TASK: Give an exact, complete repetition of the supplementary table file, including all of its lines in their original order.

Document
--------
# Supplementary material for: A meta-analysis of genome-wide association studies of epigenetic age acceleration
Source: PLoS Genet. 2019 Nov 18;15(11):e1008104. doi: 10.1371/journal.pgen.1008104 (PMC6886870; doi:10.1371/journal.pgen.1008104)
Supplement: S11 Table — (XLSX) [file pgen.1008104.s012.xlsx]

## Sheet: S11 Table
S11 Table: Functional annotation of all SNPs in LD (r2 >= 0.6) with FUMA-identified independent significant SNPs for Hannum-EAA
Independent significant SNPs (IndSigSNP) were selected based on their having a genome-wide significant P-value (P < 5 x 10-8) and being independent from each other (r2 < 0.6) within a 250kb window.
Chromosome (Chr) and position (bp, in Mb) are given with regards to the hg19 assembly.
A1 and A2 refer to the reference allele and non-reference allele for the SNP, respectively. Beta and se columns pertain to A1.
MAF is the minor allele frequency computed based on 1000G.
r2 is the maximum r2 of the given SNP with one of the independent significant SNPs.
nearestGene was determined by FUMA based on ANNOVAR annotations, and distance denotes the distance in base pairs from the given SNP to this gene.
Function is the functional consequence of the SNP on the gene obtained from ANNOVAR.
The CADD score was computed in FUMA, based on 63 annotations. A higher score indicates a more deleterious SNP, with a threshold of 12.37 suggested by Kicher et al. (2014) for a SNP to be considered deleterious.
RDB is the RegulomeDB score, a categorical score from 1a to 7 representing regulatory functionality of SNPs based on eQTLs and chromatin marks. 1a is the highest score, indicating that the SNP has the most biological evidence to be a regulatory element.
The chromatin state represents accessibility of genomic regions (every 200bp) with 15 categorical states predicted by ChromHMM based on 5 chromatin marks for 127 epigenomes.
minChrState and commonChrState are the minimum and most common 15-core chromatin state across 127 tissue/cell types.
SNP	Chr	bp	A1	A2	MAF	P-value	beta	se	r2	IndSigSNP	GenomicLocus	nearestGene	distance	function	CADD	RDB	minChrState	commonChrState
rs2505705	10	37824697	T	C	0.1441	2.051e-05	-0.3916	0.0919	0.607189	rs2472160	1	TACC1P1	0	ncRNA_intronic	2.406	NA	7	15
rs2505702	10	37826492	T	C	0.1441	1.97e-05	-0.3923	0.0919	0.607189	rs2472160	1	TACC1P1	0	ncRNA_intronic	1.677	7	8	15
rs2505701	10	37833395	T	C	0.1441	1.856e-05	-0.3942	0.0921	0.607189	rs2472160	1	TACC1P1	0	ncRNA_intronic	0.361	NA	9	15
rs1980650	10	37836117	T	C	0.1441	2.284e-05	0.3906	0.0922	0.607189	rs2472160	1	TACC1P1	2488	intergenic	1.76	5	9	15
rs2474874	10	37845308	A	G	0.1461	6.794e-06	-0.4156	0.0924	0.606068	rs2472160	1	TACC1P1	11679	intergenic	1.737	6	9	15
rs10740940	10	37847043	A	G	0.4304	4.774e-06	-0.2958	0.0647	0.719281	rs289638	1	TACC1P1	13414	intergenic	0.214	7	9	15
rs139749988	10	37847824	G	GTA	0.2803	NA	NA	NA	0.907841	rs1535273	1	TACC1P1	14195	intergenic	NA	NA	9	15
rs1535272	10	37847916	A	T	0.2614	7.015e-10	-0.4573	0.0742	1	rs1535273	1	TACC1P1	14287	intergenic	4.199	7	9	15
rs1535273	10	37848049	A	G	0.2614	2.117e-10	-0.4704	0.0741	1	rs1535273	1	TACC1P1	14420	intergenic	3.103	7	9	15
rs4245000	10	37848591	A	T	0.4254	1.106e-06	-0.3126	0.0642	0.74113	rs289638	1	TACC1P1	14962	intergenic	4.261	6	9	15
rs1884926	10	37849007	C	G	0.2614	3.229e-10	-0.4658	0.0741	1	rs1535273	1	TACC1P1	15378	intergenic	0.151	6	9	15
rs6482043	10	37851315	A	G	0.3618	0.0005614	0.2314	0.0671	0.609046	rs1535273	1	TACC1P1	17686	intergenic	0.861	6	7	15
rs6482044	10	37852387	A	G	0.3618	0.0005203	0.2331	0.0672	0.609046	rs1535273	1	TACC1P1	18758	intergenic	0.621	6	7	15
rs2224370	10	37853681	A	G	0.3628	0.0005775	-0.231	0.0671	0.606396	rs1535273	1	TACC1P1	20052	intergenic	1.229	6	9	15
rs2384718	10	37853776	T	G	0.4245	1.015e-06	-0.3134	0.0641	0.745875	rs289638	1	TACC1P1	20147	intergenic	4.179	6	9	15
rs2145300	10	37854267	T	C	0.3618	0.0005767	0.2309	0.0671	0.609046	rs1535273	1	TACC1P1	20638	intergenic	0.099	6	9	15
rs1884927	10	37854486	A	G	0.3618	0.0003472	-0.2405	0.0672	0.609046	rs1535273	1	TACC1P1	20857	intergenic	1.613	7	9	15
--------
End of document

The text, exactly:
# Supplementary material for: A meta-analysis of genome-wide association studies of epigenetic age acceleration
Source: PLoS Genet. 2019 Nov 18;15(11):e1008104. doi: 10.1371/journal.pgen.1008104 (PMC6886870; doi:10.1371/journal.pgen.1008104)
Supplement: S11 Table — (XLSX) [file pgen.1008104.s012.xlsx]

## Sheet: S11 Table
S11 Table: Functional annotation of all SNPs in LD (r2 >= 0.6) with FUMA-identified independent significant SNPs for Hannum-EAA
Independent significant SNPs (IndSigSNP) were selected based on their having a genome-wide significant P-value (P < 5 x 10-8) and being independent from each other (r2 < 0.6) within a 250kb window.
Chromosome (Chr) and position (bp, in Mb) are given with regards to the hg19 assembly.
A1 and A2 refer to the reference allele and non-reference allele for the SNP, respectively. Beta and se columns pertain to A1.
MAF is the minor allele frequency computed based on 1000G.
r2 is the maximum r2 of the given SNP with one of the independent significant SNPs.
nearestGene was determined by FUMA based on ANNOVAR annotations, and distance denotes the distance in base pairs from the given SNP to this gene.
Function is the functional consequence of the SNP on the gene obtained from ANNOVAR.
The CADD score was computed in FUMA, based on 63 annotations. A higher score indicates a more deleterious SNP, with a threshold of 12.37 suggested by Kicher et al. (2014) for a SNP to be considered deleterious.
RDB is the RegulomeDB score, a categorical score from 1a to 7 representing regulatory functionality of SNPs based on eQTLs and chromatin marks. 1a is the highest score, indicating that the SNP has the most biological evidence to be a regulatory element.
The chromatin state represents accessibility of genomic regions (every 200bp) with 15 categorical states predicted by ChromHMM based on 5 chromatin marks for 127 epigenomes.
minChrState and commonChrState are the minimum and most common 15-core chromatin state across 127 tissue/cell types.
SNP	Chr	bp	A1	A2	MAF	P-value	beta	se	r2	IndSigSNP	GenomicLocus	nearestGene	distance	function	CADD	RDB	minChrState	commonChrState
rs2505705	10	37824697	T	C	0.1441	2.051e-05	-0.3916	0.0919	0.607189	rs2472160	1	TACC1P1	0	ncRNA_intronic	2.406	NA	7	15
rs2505702	10	37826492	T	C	0.1441	1.97e-05	-0.3923	0.0919	0.607189	rs2472160	1	TACC1P1	0	ncRNA_intronic	1.677	7	8	15
rs2505701	10	37833395	T	C	0.1441	1.856e-05	-0.3942	0.0921	0.607189	rs2472160	1	TACC1P1	0	ncRNA_intronic	0.361	NA	9	15
rs1980650	10	37836117	T	C	0.1441	2.284e-05	0.3906	0.0922	0.607189	rs2472160	1	TACC1P1	2488	intergenic	1.76	5	9	15
rs2474874	10	37845308	A	G	0.1461	6.794e-06	-0.4156	0.0924	0.606068	rs2472160	1	TACC1P1	11679	intergenic	1.737	6	9	15
rs10740940	10	37847043	A	G	0.4304	4.774e-06	-0.2958	0.0647	0.719281	rs289638	1	TACC1P1	13414	intergenic	0.214	7	9	15
rs139749988	10	37847824	G	GTA	0.2803	NA	NA	NA	0.907841	rs1535273	1	TACC1P1	14195	intergenic	NA	NA	9	15
rs1535272	10	37847916	A	T	0.2614	7.015e-10	-0.4573	0.0742	1	rs1535273	1	TACC1P1	14287	intergenic	4.199	7	9	15
rs1535273	10	37848049	A	G	0.2614	2.117e-10	-0.4704	0.0741	1	rs1535273	1	TACC1P1	14420	intergenic	3.103	7	9	15
rs4245000	10	37848591	A	T	0.4254	1.106e-06	-0.3126	0.0642	0.74113	rs289638	1	TACC1P1	14962	intergenic	4.261	6	9	15
rs1884926	10	37849007	C	G	0.2614	3.229e-10	-0.4658	0.0741	1	rs1535273	1	TACC1P1	15378	intergenic	0.151	6	9	15
rs6482043	10	37851315	A	G	0.3618	0.0005614	0.2314	0.0671	0.609046	rs1535273	1	TACC1P1	17686	intergenic	0.861	6	7	15
rs6482044	10	37852387	A	G	0.3618	0.0005203	0.2331	0.0672	0.609046	rs1535273	1	TACC1P1	18758	intergenic	0.621	6	7	15
rs2224370	10	37853681	A	G	0.3628	0.0005775	-0.231	0.0671	0.606396	rs1535273	1	TACC1P1	20052	intergenic	1.229	6	9	15
rs2384718	10	37853776	T	G	0.4245	1.015e-06	-0.3134	0.0641	0.745875	rs289638	1	TACC1P1	20147	intergenic	4.179	6	9	15
rs2145300	10	37854267	T	C	0.3618	0.0005767	0.2309	0.0671	0.609046	rs1535273	1	TACC1P1	20638	intergenic	0.099	6	9	15
rs1884927	10	37854486	A	G	0.3618	0.0003472	-0.2405	0.0672	0.609046	rs1535273	1	TACC1P1	20857	intergenic	1.613	7	9	15